Oldbury, Wednesfield, Tipton and Aldridge are among sites lined up for closure this year under the West Midlands Police estates strategy, which has seen dozens of stations and bases shut down and sold off in recent years to save cash.
Now Chief Constable Sir David Thompson has announced a review into the programme following a request by recently elected West Midlands Police and Crime Commissioner (PCC) Simon Foster.
Speaking at the PCC's strategic board meeting, Sir David said it was "an entirely appropriate time to take stock of where the force is on estates".
He said the force was "growing considerably" as a result of an uplift in officer numbers, which needed to be taken into consideration when looking at available police buildings.
The pandemic had also had an impact "on social distancing and the agility of the force", he added.
Sir David said: "I am very conscious that some of our buildings appear to have had some uncertainty over them for a number of years, and I'm hoping with the review we can give some direction on that."
The four Black Country stations were originally due to close last year but the programme was delayed due to the pandemic. None of them have front desks and they are not open to the public.
Mr Foster said: "West Midlands Police needs an estate that is fit for the 21st century. It needs buildings complete with the modern technology officers need to do their job and help to cut crime.
"The force has also faced cuts of £175 million over the last decade and needs to do everything it can to preserve officer numbers. Despite our recruitment plans, we will still be 1,000 officers down on 2010.
"That is why I have asked the Chief Constable to review the force's estates requirement, so I can consider the strategy at my Strategic Policing and Crime Board meeting in September."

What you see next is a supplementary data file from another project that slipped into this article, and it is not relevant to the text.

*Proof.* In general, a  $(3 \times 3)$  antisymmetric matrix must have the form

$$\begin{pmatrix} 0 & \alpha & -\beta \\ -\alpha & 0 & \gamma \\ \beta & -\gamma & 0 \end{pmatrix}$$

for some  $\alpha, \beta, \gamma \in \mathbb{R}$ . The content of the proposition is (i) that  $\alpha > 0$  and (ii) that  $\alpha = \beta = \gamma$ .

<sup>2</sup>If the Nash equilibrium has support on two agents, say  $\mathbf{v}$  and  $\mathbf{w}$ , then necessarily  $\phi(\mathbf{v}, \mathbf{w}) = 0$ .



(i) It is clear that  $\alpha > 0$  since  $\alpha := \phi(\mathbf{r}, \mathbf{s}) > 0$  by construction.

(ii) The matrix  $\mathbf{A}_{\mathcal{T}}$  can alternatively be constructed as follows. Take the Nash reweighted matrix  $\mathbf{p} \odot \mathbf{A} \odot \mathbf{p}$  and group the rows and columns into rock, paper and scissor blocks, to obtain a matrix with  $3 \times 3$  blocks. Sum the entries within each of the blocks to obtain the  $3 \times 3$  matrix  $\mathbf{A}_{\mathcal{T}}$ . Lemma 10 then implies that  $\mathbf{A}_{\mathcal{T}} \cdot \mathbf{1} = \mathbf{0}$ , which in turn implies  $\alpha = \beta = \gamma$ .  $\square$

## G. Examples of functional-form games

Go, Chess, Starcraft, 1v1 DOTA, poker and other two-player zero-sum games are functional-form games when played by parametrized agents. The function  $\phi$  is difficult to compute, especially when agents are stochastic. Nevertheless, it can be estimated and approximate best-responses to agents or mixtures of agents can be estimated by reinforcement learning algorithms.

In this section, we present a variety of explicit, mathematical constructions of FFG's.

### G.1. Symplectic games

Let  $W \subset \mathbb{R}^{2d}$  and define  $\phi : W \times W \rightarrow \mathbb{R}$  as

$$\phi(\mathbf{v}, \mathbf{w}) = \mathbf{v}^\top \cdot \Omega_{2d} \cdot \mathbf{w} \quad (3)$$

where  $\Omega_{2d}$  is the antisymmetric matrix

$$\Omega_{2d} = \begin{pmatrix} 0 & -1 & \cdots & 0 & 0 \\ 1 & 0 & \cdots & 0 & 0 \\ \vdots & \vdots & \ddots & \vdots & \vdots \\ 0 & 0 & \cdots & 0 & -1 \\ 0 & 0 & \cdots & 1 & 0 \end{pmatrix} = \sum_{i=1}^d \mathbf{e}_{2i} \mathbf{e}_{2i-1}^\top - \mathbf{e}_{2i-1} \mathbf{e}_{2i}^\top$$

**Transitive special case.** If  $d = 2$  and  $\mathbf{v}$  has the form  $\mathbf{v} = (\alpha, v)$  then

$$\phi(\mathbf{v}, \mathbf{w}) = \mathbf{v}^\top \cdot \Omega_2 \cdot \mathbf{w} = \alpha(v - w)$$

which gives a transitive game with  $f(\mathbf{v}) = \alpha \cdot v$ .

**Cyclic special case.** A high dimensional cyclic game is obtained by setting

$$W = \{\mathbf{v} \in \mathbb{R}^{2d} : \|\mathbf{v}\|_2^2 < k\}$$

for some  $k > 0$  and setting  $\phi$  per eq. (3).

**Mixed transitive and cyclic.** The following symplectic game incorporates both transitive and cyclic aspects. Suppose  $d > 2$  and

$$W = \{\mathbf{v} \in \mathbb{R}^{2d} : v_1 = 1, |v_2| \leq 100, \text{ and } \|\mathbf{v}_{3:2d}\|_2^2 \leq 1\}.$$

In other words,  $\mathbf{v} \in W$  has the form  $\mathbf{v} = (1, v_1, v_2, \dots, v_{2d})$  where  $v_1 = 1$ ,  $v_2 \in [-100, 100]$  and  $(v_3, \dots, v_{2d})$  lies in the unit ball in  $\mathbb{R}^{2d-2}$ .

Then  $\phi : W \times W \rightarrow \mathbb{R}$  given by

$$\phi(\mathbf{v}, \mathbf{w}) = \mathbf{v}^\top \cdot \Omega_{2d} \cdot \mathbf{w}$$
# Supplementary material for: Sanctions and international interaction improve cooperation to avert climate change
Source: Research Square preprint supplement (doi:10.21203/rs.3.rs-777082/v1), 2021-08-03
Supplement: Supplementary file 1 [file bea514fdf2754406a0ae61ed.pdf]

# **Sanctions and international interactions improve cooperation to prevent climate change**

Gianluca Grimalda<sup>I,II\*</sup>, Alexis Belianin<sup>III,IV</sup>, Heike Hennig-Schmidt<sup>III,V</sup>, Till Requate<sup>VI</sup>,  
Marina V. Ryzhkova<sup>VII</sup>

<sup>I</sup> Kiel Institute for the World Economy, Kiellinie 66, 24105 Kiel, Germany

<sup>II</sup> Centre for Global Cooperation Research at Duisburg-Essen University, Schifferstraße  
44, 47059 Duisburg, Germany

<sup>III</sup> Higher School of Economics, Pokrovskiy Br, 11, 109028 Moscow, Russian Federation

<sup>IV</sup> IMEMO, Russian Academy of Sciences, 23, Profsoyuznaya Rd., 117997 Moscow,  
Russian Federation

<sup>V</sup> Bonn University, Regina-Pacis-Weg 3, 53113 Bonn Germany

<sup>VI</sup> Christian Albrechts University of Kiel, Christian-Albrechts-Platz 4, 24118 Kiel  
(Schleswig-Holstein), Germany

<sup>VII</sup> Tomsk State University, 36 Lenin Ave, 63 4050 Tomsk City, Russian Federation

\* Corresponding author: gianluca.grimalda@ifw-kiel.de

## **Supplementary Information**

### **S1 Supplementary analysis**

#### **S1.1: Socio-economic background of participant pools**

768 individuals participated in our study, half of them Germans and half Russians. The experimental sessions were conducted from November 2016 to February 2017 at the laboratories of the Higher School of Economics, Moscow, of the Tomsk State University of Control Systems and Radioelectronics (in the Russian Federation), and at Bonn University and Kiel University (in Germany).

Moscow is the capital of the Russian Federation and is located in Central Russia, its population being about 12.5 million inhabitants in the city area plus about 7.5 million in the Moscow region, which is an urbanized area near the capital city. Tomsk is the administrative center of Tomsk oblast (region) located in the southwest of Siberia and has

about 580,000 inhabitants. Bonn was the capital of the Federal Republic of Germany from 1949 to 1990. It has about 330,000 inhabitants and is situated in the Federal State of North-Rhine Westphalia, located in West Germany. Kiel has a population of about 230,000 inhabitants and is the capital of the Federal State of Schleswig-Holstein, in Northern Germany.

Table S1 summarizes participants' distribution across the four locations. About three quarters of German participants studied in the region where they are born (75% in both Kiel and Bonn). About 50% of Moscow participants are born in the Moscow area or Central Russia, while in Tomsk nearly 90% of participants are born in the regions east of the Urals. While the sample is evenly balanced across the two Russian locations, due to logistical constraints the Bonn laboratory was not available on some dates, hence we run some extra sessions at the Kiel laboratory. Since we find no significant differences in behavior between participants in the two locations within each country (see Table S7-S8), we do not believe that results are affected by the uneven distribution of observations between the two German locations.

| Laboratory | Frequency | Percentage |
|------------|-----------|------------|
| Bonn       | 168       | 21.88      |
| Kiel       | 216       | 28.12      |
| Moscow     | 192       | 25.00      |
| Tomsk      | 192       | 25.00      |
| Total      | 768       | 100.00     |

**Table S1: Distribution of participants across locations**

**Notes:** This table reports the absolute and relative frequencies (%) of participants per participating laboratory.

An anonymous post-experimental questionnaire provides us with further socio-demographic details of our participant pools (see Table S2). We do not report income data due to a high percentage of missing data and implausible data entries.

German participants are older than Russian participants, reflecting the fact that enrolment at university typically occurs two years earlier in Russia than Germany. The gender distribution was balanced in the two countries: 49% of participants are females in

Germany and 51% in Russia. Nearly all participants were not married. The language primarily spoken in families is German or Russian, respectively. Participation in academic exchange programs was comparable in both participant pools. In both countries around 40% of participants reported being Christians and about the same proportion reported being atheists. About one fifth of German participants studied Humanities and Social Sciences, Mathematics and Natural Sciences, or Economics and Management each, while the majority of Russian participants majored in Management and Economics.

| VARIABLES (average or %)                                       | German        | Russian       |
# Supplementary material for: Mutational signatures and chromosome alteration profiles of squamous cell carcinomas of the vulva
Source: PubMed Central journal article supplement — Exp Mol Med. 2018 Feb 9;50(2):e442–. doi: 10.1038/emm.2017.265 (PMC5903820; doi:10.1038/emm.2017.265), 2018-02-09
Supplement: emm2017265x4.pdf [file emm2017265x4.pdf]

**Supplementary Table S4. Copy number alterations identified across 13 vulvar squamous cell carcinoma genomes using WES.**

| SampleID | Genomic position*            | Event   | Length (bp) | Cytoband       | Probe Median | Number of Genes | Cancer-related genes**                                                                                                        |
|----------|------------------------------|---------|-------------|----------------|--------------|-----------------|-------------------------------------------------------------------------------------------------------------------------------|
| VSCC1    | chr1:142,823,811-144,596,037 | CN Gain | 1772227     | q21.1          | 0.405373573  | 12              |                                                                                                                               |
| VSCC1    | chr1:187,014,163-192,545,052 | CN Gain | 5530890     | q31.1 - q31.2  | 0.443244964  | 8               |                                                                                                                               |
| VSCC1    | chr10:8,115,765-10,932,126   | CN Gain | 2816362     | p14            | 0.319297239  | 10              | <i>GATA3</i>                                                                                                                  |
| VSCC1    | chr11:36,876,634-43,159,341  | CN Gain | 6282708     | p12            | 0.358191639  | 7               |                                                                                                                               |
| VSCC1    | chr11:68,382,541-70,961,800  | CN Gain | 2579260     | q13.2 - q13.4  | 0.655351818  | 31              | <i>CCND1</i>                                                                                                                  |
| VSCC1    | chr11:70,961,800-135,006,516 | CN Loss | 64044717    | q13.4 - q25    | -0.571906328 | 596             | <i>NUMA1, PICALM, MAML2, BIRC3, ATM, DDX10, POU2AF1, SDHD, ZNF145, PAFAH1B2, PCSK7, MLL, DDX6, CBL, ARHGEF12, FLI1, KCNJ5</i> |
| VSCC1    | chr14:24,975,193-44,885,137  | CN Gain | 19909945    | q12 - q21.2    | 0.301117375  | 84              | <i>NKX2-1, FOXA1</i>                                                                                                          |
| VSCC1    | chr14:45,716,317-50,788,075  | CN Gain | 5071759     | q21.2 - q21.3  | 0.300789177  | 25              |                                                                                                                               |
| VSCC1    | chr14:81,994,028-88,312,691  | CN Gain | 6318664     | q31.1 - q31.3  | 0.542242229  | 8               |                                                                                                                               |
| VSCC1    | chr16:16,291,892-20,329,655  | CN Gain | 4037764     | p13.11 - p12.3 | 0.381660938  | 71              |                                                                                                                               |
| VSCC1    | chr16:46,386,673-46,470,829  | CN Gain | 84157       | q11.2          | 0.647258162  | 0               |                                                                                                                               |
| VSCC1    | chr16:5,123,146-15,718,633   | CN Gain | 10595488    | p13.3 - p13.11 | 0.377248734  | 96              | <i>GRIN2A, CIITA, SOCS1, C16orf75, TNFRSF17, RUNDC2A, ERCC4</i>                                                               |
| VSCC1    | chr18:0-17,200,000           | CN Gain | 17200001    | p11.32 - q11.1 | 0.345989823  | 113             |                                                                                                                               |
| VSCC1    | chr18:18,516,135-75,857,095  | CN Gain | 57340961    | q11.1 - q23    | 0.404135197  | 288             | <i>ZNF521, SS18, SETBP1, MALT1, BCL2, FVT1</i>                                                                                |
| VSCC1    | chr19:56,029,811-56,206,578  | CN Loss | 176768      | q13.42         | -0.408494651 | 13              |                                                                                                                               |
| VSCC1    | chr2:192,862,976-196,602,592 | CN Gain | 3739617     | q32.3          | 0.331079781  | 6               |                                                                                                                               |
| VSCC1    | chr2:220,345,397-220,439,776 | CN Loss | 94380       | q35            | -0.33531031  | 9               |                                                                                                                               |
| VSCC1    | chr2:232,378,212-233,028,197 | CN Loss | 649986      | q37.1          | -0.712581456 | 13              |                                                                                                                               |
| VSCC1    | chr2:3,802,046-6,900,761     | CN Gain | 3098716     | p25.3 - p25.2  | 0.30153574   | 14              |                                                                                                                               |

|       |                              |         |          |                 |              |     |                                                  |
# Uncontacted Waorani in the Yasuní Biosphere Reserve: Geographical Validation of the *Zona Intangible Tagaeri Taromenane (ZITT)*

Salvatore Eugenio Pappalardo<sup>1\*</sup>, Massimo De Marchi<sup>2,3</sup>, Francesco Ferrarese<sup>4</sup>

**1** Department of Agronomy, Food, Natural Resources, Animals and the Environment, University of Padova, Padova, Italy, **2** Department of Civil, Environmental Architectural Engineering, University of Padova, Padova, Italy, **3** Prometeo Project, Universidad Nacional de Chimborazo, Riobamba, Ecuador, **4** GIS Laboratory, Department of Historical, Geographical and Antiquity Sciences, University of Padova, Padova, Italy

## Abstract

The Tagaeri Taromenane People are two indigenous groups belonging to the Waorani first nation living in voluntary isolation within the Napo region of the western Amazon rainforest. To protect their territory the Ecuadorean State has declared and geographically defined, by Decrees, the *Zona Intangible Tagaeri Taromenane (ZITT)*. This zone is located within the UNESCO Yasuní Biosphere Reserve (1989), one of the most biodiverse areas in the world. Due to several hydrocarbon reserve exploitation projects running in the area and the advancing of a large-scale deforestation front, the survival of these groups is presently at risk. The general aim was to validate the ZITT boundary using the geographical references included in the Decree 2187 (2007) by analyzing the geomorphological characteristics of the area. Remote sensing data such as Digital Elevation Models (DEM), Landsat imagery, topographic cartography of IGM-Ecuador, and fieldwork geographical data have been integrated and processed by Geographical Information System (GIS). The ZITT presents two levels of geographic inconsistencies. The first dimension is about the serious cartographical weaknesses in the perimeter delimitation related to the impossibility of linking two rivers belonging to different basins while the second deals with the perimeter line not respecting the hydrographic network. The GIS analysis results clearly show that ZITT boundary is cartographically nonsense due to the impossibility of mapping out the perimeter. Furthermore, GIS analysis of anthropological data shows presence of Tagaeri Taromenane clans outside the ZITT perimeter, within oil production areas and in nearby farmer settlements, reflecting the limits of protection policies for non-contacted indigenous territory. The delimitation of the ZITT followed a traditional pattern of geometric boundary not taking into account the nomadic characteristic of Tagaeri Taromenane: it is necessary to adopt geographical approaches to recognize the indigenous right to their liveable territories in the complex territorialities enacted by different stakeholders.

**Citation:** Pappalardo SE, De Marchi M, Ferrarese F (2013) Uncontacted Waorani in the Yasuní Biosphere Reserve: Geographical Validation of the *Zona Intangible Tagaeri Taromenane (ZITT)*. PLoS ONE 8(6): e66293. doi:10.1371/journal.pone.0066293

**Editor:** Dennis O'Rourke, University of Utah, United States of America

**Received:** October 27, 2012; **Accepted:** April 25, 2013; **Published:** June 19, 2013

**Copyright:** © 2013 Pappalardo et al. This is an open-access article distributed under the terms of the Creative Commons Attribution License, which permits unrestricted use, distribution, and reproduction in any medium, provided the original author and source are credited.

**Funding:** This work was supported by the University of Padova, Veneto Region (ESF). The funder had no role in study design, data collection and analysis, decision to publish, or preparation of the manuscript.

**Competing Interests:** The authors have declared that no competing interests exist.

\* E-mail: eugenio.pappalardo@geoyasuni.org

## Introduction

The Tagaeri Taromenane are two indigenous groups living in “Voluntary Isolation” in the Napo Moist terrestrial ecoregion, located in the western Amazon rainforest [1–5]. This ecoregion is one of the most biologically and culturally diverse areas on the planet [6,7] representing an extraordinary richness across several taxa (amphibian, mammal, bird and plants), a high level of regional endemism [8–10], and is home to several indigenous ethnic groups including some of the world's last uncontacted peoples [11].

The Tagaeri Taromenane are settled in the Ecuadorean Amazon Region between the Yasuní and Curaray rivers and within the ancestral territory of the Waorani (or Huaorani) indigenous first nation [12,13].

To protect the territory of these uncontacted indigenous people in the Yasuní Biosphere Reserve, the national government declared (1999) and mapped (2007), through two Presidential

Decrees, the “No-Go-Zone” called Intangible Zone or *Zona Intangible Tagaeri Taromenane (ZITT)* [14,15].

A number of plans are understood to be unaffected by the review.
They include the new Integrated Control Suite, which is due to open in Aston this year, and a 'super' station for Dudley, which is currently being held back by a land wrangle over its proposed site on Hall Street.
The issue of police stations has been at the centre of a long running political row in the West Midlands.
Conservative MPs across the region have campaigned to stop the closures, arguing that the strategy has resulted in a reduced police presence in communities.
Labour has blamed the closures on cuts to the police budget by previous Tory administrations, while the force has argued that many of the buildings are in a poor state of repair and have low occupancy levels.
Wolverhampton North East MP Jane Stevenson, who has campaigned to save the force's Wednesfield site, said she welcomed the review.
"We will have to wait for the Chief Constable's findings, but we know that the public feel happier and safer when they have access to a front desk," she added.
Stourbridge MP Suzanne Webb said confidence in policing in her constituency had been "sorely missing" since the town's station closed in 2017.
She said: "This review means nothing to anyone unless it looks properly at the options for a station or even a base for officers in my constituency.
"I won’t stop campaigning for a station because it’s what residents tell me they want and, quite frankly, the PCC needs to pull his finger out and find a station for Stourbridge."
Home Secretary Priti Patel has described police stations as "vital lifelines to protecting communities and the public".